The most real way to meet other humans is to do so while traveling and in nature.
Yesterday David and I had breakfast at Erhard’s Café, the European café that has become my favorite pre-work coffee shop. On our drive home we decided to drop by REI to see how much crash pads cost – we’d been planning on buying one since the bouldering scene here is splendid, but were planning on waiting for our next paycheck.
It turned out that REI had one two-fold crash pad in the back which was less expensive even than Amazon… we took the leap! Excitedly we drove home with our new gear. We quickly grabbed our climbing shoes, chalk, and clothes and began driving up Baseline toward Flagstaff trail (known for awesome bouldering routes).
It was raining off-and-on as we drove up the mountain, so once we got to the bouldering area we waited a few minutes to see if it would stop raining in time for bouldering to be safe. As we walked back to the car, Lacey panting lightly ahead of us, we saw another car pull up and a couple got out. They both had crash pads on their backs and were hesitantly approaching the rocks. David saw them and said hello, excited to see more climbers. We all introduced ourselves and admitted that none of us had climbed outdoors before; Kate worked at a climbing gym in Chicago and Benjamin had climbed often but we were all new to real boulders. We decided we would all climb together, and walked off in search of a route.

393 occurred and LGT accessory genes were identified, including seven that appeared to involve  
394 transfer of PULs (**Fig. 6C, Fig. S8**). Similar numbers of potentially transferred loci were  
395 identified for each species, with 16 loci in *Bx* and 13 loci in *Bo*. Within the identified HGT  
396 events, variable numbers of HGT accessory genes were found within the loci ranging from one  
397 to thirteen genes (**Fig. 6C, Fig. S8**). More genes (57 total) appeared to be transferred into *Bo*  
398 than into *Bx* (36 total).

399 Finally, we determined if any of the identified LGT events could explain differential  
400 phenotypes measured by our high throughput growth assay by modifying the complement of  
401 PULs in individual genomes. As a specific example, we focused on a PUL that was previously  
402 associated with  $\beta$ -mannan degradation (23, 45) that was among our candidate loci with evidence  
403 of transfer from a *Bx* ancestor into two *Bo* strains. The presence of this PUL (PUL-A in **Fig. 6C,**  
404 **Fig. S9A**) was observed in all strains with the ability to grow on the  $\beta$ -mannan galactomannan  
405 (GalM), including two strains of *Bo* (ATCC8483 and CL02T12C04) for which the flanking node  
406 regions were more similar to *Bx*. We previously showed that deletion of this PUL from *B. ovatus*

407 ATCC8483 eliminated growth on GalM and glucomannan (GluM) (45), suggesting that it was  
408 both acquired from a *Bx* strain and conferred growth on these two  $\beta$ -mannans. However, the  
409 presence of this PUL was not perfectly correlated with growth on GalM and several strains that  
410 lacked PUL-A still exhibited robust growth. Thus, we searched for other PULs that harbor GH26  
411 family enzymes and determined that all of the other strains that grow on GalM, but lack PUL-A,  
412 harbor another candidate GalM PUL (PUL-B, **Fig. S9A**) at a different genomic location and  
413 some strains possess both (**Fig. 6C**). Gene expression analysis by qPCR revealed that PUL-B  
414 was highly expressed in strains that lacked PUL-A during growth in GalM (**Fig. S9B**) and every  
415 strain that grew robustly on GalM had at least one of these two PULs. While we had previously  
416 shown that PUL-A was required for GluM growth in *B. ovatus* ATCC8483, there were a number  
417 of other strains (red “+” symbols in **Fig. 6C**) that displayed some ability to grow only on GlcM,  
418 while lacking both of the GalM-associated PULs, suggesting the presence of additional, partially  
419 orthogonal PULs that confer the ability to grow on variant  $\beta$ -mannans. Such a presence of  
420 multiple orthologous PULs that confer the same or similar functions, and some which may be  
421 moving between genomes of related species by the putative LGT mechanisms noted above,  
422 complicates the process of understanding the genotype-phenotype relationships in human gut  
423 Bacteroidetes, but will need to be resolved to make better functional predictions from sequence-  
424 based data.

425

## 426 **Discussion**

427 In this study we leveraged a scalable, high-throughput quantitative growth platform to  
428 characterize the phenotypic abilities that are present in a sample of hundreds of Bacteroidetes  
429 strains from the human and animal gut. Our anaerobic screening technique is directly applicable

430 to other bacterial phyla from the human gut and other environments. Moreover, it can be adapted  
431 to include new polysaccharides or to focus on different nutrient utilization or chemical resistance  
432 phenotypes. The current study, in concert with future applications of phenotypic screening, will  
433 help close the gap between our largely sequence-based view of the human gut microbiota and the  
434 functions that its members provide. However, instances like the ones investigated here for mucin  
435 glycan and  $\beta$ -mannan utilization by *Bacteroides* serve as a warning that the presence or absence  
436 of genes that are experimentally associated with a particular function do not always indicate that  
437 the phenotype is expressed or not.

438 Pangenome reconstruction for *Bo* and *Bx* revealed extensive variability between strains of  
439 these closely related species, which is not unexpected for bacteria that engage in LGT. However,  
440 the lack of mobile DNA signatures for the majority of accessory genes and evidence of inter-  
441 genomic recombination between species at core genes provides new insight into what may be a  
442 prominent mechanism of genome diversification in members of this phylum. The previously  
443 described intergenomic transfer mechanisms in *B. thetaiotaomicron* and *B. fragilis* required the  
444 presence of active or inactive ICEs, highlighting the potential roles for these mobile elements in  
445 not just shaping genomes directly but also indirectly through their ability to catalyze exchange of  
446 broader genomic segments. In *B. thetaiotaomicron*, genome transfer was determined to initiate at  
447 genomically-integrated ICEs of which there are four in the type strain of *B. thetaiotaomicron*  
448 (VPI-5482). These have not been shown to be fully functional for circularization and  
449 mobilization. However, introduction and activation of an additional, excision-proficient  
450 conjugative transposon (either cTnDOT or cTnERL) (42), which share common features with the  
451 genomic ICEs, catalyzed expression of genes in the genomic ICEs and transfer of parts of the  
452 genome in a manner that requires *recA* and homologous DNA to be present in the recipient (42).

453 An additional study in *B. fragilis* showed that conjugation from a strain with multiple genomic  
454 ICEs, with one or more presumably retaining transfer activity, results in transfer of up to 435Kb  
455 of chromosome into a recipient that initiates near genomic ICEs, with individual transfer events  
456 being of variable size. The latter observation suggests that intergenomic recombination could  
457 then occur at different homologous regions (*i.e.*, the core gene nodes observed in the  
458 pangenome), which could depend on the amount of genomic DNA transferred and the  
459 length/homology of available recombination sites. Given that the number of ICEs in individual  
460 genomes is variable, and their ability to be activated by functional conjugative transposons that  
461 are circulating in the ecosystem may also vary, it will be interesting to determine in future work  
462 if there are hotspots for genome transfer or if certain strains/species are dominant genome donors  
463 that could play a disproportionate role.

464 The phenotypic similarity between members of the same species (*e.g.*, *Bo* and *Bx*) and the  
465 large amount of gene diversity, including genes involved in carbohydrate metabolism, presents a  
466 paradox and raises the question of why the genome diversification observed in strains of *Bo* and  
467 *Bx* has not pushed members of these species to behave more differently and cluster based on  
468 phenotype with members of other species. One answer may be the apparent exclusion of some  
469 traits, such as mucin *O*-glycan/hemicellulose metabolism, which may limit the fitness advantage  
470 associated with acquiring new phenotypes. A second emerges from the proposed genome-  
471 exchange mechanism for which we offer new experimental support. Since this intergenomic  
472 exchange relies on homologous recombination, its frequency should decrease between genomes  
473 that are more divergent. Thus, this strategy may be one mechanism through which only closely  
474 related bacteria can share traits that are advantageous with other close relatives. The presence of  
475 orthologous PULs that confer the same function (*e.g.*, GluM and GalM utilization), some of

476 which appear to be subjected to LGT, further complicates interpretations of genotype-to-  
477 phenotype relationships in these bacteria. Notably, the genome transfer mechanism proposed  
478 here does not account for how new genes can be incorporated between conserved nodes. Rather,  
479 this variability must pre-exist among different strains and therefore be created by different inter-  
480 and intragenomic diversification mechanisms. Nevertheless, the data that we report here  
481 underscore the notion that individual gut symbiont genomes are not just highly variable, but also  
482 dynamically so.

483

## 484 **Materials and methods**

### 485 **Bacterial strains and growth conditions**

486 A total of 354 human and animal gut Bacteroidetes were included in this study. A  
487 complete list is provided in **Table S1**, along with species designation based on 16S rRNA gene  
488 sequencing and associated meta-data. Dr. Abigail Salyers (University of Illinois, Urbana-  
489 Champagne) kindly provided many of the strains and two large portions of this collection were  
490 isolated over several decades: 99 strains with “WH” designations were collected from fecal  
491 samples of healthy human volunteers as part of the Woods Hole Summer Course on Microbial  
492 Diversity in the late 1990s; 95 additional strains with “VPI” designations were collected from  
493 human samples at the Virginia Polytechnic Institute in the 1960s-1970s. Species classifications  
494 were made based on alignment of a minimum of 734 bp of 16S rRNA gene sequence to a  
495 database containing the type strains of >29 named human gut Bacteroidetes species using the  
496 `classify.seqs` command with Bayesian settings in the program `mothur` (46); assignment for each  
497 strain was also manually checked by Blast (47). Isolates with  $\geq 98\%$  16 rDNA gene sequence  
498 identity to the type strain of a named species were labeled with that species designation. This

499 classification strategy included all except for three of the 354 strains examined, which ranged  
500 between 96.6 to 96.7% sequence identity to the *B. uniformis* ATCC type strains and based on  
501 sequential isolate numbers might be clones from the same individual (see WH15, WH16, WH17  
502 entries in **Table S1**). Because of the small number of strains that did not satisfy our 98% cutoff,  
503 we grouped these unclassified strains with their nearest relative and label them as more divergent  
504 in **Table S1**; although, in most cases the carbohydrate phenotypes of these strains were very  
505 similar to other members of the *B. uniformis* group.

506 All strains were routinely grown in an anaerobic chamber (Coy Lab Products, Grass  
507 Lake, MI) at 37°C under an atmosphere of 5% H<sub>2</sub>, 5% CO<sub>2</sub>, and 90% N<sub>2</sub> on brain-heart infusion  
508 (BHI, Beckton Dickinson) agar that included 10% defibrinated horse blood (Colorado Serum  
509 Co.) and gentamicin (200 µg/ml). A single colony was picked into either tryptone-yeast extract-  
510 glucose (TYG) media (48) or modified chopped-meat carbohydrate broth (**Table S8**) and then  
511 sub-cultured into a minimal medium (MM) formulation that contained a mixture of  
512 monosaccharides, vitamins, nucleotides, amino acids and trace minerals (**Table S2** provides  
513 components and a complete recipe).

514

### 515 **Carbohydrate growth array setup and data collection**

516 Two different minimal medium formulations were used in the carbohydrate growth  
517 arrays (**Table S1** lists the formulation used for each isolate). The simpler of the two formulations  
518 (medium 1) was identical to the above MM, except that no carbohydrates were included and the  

The most honest way to get to know people involves what I just described. It creates fast friendships, somehow, in a beautiful way. We spent hours hiking over rocks, chatting and climbing, with Lacey tagging behind or running in front. The rocks felt incredible; harder on the hands than gym holds but so much more satisfying.
Today, we all met up again to go bouldering for a few more hours; Kate and Benjamin are only visiting Boulder so they’re adventuring within the music scene for the rest of the day. We found new routes and Lacey found shade – it was scorching today. It was deeply gratifying, cheering each other on with the layers of mountains in the background and the feel of the mossy green-grey rocks under my hands.
Published by Sarajane Renfroe